In recent weeks, Barack Obama and Mitt Romney have accused each other of being an “outsourcer in chief,” as their campaigns have tussled over Romney’s past at Bain Capital and the (non)release of his tax returns. But all this scuffling hasn’t taken into account an until-now unreported fact about Romney’s days at Bain: When he was running the private equity firm, he invested tens of millions of dollars in a pair of companies that specialized in outsourcing high-tech manufacturing and that developed offshore production facilities in Mexico, China, and elsewhere to build electronics for US firms.
In March 1999, shortly after Romney left Bain to take over the troubled Winter Olympics in Salt Lake City, Brookside Capital Investors Inc., a Bain-related entity wholly owned by Romney, filed a report with the Securities and Exchange Commission that listed dozens of companies in which Brookside held a stake the previous quarter. The roster included investments in Singapore-based Flextronics International ($13 million) and Florida-headquartered Jabil Circuit Inc. ($41 million), two companies that were leaders in the fast-growing field of outsourcing electronics manufacturing and offshoring production to low-wage countries. Together, these two investments represented almost 10 percent of Brookside’s $559 million portfolio.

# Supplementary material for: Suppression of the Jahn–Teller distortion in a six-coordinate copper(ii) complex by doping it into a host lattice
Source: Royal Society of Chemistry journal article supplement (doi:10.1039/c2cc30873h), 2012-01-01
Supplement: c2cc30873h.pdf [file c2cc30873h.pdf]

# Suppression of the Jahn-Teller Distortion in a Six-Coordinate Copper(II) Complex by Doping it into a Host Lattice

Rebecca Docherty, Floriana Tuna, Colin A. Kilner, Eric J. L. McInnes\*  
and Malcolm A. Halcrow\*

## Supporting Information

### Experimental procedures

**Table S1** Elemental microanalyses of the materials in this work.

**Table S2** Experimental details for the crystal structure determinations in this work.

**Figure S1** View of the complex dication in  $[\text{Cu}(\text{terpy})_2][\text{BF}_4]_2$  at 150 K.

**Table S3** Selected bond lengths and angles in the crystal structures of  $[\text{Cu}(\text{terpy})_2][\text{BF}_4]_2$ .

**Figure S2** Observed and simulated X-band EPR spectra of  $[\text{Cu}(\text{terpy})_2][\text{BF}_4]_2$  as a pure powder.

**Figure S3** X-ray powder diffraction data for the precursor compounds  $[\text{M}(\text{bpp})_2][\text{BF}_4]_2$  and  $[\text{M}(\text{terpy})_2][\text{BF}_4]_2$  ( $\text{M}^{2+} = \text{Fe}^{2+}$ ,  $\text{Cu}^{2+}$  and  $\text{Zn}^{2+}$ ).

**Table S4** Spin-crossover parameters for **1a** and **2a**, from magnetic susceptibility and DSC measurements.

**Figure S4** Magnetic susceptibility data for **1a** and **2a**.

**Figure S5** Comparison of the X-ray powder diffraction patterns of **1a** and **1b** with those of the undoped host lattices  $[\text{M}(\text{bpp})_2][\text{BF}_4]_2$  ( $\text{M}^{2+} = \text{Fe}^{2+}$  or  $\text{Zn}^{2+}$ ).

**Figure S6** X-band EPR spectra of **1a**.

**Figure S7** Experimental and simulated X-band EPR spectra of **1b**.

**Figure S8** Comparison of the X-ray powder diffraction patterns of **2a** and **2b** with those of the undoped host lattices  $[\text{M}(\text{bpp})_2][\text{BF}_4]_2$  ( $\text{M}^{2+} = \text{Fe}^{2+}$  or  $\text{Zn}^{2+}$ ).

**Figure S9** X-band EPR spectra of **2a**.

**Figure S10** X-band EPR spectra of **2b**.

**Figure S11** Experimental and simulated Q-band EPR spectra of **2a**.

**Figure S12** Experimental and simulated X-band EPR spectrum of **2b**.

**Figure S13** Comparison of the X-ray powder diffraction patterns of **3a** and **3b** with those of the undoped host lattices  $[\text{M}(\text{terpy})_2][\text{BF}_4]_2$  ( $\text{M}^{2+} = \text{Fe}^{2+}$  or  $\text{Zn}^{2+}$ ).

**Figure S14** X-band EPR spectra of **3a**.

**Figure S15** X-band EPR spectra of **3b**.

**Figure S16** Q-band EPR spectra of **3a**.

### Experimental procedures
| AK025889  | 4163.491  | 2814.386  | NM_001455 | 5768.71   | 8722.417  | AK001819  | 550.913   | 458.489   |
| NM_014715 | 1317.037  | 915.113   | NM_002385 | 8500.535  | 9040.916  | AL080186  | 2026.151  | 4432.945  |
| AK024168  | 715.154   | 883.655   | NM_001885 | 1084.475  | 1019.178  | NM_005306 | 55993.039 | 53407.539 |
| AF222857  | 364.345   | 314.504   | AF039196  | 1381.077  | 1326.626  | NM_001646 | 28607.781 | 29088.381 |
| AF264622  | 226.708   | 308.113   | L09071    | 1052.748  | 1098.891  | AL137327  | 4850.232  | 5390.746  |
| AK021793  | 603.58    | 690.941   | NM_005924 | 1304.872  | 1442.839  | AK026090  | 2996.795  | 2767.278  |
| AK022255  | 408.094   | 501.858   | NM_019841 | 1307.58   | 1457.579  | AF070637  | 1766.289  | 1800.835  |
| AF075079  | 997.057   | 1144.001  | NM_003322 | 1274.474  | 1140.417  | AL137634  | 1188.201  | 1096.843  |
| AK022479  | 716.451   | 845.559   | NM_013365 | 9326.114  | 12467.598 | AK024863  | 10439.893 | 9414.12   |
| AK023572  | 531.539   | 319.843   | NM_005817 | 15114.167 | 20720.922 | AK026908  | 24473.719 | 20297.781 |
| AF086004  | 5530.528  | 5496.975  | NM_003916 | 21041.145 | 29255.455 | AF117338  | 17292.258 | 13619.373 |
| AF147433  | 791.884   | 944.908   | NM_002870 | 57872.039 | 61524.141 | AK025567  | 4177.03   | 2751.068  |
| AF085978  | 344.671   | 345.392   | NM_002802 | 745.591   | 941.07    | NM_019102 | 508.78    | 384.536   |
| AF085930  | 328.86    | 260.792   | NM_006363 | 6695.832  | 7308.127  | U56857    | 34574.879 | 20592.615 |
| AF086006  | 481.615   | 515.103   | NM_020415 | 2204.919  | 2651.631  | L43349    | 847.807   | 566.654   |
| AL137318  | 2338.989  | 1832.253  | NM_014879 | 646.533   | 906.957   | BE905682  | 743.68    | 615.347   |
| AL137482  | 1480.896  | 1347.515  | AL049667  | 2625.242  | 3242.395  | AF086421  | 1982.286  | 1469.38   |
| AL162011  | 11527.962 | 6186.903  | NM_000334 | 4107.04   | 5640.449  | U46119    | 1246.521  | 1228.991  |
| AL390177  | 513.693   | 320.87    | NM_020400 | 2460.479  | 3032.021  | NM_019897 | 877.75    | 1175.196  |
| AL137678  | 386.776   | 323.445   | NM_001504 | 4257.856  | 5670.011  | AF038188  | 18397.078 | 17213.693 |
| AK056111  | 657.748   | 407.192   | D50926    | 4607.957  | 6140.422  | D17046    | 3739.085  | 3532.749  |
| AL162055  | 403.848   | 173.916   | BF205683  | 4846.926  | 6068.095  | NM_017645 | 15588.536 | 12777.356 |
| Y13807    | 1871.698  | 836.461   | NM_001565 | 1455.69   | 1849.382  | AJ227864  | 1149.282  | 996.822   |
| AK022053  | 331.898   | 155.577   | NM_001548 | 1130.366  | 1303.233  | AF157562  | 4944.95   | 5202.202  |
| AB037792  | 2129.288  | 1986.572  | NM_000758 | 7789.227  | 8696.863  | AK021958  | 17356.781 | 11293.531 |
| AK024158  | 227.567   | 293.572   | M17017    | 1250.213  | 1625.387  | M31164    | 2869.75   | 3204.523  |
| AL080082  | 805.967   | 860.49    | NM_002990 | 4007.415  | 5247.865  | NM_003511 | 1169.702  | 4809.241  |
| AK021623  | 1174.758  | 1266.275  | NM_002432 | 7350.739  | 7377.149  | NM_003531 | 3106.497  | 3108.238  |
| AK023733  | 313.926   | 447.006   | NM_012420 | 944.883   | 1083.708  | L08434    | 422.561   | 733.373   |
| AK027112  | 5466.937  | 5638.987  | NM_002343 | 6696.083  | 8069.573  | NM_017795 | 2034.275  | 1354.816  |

For much of the 1990s, most overseas outsourcing involved unsophisticated products like apparel. But in the second half of that decade, US high-tech companies producing computers, telecommunications equipment, and other electronics began contracting out their manufacturing to firms that had established production facilities both in the United States and in overseas locales where labor was cheap.
In the late 1990s, Flextronics built a facility in Guadalajara, Mexico, to serve its US clients, including Intel. A Wired magazine profile described the firm this way: “Incorporated in Singapore with its management offices in San Jose, Flextronics has factories worldwide. Its industrial parks, which house suppliers onsite, are concentrated in Brazil, China, Hungary, and Mexico. Workers earn from 70 cents per hour in China to $4.50 in Brazil…By manufacturing in low-cost regions, Flex can cut 75 percent of the price of labor.”
The value of outsourcing manufacturing to cheap-labor regions is a matter of debate; it’s a practice that can be beneficial for US consumers (though not workers) and bolster the competitiveness of US firms, and it might be partly inevitable in a globalized economy. But, if there’s a question over which of the two presidential candidates sought to make millions of dollars by investing in outsourcing and offshoring, there’s no debate. In the late 1990s, Romney and his Brookside Capital Investors Inc. believed it was right to bet on US and overseas firms that were capitalizing on outsourcing. Now his campaign says that was just a routine business decision—yet one with a political cost that has, as they say in the financial world, been carried over.